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How our church found God in the midst of tragedy


We have gunshots in the building!" people cried as they burst through the door from the hallway. I quickly ran through the children's department on the second story of our church, New Life Church in Colorado Springs, Colo., hearing gunfire in the main hallway directly below me.

Three days later we gathered as a church family to mourn the loss of two beautiful girls, Rachel and Stephanie Works, and to find our way through the shock and the grief of a bitter tragedy. That evening in December 2007 was full of emotional pain that gave way to unmovable faith.

I have never been in a worship service like it, even though our church was no stranger to trauma. Just 13 months before we had endured a scandalous dismissal of our senior pastor, Ted Haggard. But this experience revealed something greater in us. Our church embraced a holy defiance that came from a deep conviction in our hearts. Worship was not just our response; we were learning that it was at the very core of who we were and what we believed. God was being revealed to us in our moment of crisis and pain.

In an age of consumer-driven, programmed and packaged worship services, the need for churches that understand what worship is has never been more important. Worship is not magical pixie dust we sprinkle over ourselves to escape the world and its harsh realities. It isn't a drug to be consumed for the buzz or an opiate to soothe our sadness. Worship is and always has been a revelation that consumes us!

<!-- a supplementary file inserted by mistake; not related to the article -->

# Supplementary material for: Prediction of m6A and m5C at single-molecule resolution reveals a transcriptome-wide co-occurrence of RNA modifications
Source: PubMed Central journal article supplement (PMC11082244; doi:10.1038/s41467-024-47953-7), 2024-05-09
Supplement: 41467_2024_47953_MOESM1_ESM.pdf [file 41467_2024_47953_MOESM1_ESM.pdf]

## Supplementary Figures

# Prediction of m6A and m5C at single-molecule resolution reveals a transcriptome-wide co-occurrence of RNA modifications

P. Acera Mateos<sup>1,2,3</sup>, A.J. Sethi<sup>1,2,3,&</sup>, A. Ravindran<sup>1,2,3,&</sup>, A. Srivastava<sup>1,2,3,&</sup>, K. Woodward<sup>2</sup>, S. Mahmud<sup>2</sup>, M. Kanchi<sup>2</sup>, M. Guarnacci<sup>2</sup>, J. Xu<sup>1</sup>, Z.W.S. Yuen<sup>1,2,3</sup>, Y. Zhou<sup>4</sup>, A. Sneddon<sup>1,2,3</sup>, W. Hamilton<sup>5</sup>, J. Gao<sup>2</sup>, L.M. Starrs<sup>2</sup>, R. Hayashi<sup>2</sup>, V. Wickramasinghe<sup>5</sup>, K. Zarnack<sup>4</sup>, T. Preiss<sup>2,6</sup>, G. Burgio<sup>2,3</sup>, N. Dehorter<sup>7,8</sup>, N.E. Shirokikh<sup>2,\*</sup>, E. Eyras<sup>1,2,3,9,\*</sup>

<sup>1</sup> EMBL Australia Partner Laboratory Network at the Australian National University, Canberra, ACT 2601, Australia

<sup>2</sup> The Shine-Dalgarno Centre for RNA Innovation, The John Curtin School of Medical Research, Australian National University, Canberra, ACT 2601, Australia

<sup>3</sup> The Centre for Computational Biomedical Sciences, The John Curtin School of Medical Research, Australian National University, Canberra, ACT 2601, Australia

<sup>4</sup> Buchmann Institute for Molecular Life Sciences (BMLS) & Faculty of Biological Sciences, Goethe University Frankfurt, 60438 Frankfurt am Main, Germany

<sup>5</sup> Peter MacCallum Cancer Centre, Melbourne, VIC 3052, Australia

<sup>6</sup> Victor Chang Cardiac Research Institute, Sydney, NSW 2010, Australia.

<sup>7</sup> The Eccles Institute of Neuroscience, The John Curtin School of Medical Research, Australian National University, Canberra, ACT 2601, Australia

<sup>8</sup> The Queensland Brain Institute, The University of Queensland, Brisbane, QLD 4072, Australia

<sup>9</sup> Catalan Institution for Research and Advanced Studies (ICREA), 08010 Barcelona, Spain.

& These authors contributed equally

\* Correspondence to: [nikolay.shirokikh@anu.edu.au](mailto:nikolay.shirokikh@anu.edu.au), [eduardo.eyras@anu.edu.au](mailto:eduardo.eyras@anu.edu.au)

That revelation can come at the strangest moments. Consider Isaiah 6, when, during the national tragedy of a king's death, God reveals Himself and His plan to Isaiah the prophet. Look at Psalm 73, in which the psalmist wrestles with his own anger over hardship but suddenly understands eternity at the moment of entering the sanctuary. Or witness the overwhelming revelation of the Lamb of God to the apostle John in Revelation 4-5. God is revealed in worship, especially, it seems, during moments of weakness, tragedy or disappointment.

Acts 16:22-34 finds Paul and Silas chained in stocks, singing hymns and praying after having been beaten, bloodied and bruised. Were they singing because they were convinced God was going to break them out of jail? I don't think so. They sang because they had found a deep, rich, abiding confidence that God was still on the throne. His presence was with them in that jail cell, for they had decided to put their trust in Him long before their boldness landed them there.

The true essence of worship is found in the crisis, in the trying of our faith, for it is only there that we decide whether or not we will trust him! We make him "Lord" in that instant. We decide right there in that moment if we are indeed worshipers.

We must treat worship as more than just a church-growth strategy. It's not enough to appeal to our many felt needs. Worship is the affirmation that God is big enough and strong enough to walk with us through a crisis and make something beautiful out of it!

Our church knows this better than we used to. Our newfound perspective comes from confidence gained as we worshiped our way through the darkness of our doubt. And through our journey, we've discovered God's profound strength and His redeeming purpose for us as an overcoming community, shining the light of God's presence for the world to see.


Ross Parsley is the worship pastor of New Life Church in Colorado Springs, Colo., and president and founder of the New Life School of Worship, which trains and equips young men and women to lead worship in local churches.

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